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Guest Writer: Alexandra Lindholm -Midwife Internship in Kenya during the pandemic


My name is Alexandra and I´m 24 years old. I was born and raised in Finland but I have recently moved to Skövde/Sweden where I work as a midwife at Skaraborgs hospital. Things that bring me joy and inspiration are: spontaneous adventures, circus acrobatics, good friends and creative people. My topic for this guest writing is Midwife Internship in Kenya during the pandemic.

As I mentioned before my name is Alexandra and I have recently graduated from Novia University of Applied Sciences in Vaasa, Finland in December 2020 as a Registered Nurse and Midwife. Becoming a midwife in Finland requires 270 credits or 4,5 years of studying. As a midwife student you receive two degree titles upon graduation; Midwife and Registered Nurse.


As a midwife you become an expert in sexual and reproductive health. In other words midwives work with women who are pregnant, in labor or who have recently given birth and the people close to them. Apart from that, midwives help customers of various ages about matters related to sexual health and act as experts in female health and gynecology.


Before applying to the studies I didn’t know much about pregnancies or deliveries, and I had never even held a baby! Crazy? I was just fascinated about the human body and wanted to help people. I also thought “ you never know before you try” and today I´m very satisfied with my choice to become a midwife. As many midwives say; “the best work ever!”

When I started my studies I wanted to take the opportunity to go abroad. In my opinion living in a foreign country as an exchange student is an extraordinary opportunity to combine studies with experiences from other countries. I find it really interesting to meet new people and to see and learn about other countries and cultures. I just love the whole process and journey of discovering something new. In addition to my interest in nursing and midwife work. I think it’s important to be open minded to the aforementioned. Especially nowadays in this global world.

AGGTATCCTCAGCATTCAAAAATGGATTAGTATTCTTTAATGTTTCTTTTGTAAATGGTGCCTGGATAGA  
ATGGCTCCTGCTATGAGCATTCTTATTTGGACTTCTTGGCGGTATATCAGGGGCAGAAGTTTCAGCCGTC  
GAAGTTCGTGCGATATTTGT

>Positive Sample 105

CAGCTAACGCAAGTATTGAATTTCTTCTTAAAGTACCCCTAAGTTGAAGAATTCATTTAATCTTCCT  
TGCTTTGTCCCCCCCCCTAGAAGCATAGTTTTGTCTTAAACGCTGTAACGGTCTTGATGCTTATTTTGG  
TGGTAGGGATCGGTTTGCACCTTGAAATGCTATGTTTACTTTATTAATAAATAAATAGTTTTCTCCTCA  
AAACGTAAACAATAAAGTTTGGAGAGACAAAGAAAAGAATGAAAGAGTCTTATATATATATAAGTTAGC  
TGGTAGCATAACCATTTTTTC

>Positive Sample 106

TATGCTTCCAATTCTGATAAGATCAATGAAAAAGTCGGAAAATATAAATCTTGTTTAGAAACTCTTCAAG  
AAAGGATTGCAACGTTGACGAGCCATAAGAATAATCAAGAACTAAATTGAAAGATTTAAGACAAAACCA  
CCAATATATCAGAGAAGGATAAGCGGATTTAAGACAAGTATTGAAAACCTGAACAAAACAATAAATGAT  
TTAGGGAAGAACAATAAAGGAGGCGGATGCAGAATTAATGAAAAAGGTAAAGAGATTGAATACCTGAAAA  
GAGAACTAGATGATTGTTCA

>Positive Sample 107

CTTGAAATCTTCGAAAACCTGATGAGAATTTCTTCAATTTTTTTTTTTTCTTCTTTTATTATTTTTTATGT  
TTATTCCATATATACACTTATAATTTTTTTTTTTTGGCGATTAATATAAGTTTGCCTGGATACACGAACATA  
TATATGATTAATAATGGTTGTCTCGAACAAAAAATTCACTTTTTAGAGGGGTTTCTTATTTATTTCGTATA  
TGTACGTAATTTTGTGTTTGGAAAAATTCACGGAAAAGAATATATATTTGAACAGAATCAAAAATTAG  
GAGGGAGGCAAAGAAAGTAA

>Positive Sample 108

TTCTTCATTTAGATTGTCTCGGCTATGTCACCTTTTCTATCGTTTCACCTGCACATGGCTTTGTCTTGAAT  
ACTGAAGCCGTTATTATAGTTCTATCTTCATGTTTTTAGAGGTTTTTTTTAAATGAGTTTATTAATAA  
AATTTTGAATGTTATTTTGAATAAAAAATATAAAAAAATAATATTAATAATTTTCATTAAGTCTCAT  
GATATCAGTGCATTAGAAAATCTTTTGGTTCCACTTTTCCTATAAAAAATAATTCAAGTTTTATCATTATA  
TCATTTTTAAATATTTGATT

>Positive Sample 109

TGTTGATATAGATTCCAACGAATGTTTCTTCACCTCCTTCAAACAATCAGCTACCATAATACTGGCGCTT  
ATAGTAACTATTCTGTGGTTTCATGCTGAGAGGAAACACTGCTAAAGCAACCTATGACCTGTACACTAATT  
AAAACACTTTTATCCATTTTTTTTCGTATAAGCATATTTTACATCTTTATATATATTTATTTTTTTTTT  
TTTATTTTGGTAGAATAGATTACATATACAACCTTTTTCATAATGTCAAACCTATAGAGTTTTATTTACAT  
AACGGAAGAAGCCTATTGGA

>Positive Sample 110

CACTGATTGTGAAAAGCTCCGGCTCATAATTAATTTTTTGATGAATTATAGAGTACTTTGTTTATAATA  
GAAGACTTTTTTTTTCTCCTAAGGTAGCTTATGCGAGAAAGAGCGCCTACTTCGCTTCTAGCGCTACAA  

At the end of January 2020 me and two classmates of mine started our adventure to Kenya and the Fatima Mission Hospital in Nairobi, where we did eight of our forty mandatory weeks of midwifery. The staff working at the hospital were friendly and we felt welcome right away even though it was a new world for us!


A new world? There were a lot of differences compared to what we were used to at home in Finland. For instance, At Fatima Mission hospital women don't have the opportunity to get medical painkillers like epidural anesthesia. Husbands are not welcomed at the delivery unit, and they have no access to cardiotocography (CTG) . CTG is a machine that records the fetal heartbeat and the uterine contractions during pregnancy. Instead, to provide information about the fetus, the hospital only had one doppler fetal monitor (a hand-held ultrasound transducer) and a pinard horn (a type of stethoscope). With the doppler and pinard instead of the CTG, the doctors did not have the same possibilities to monitor the fetal wellbeing. As a result, many deliveries ended up being cesarean sections (C-sections).


Cesarean section or not, in Kenya in many of the hospitals you have to pay for your delivery. At Fatima Mission hospital a vaginal delivery cost around 200€ and a cesarean section 500€. In other hospitals a vaginal delivery can cost around 600€ and cesarean section 1000€. The reason for this is because Fatima hospital is a mission hospital.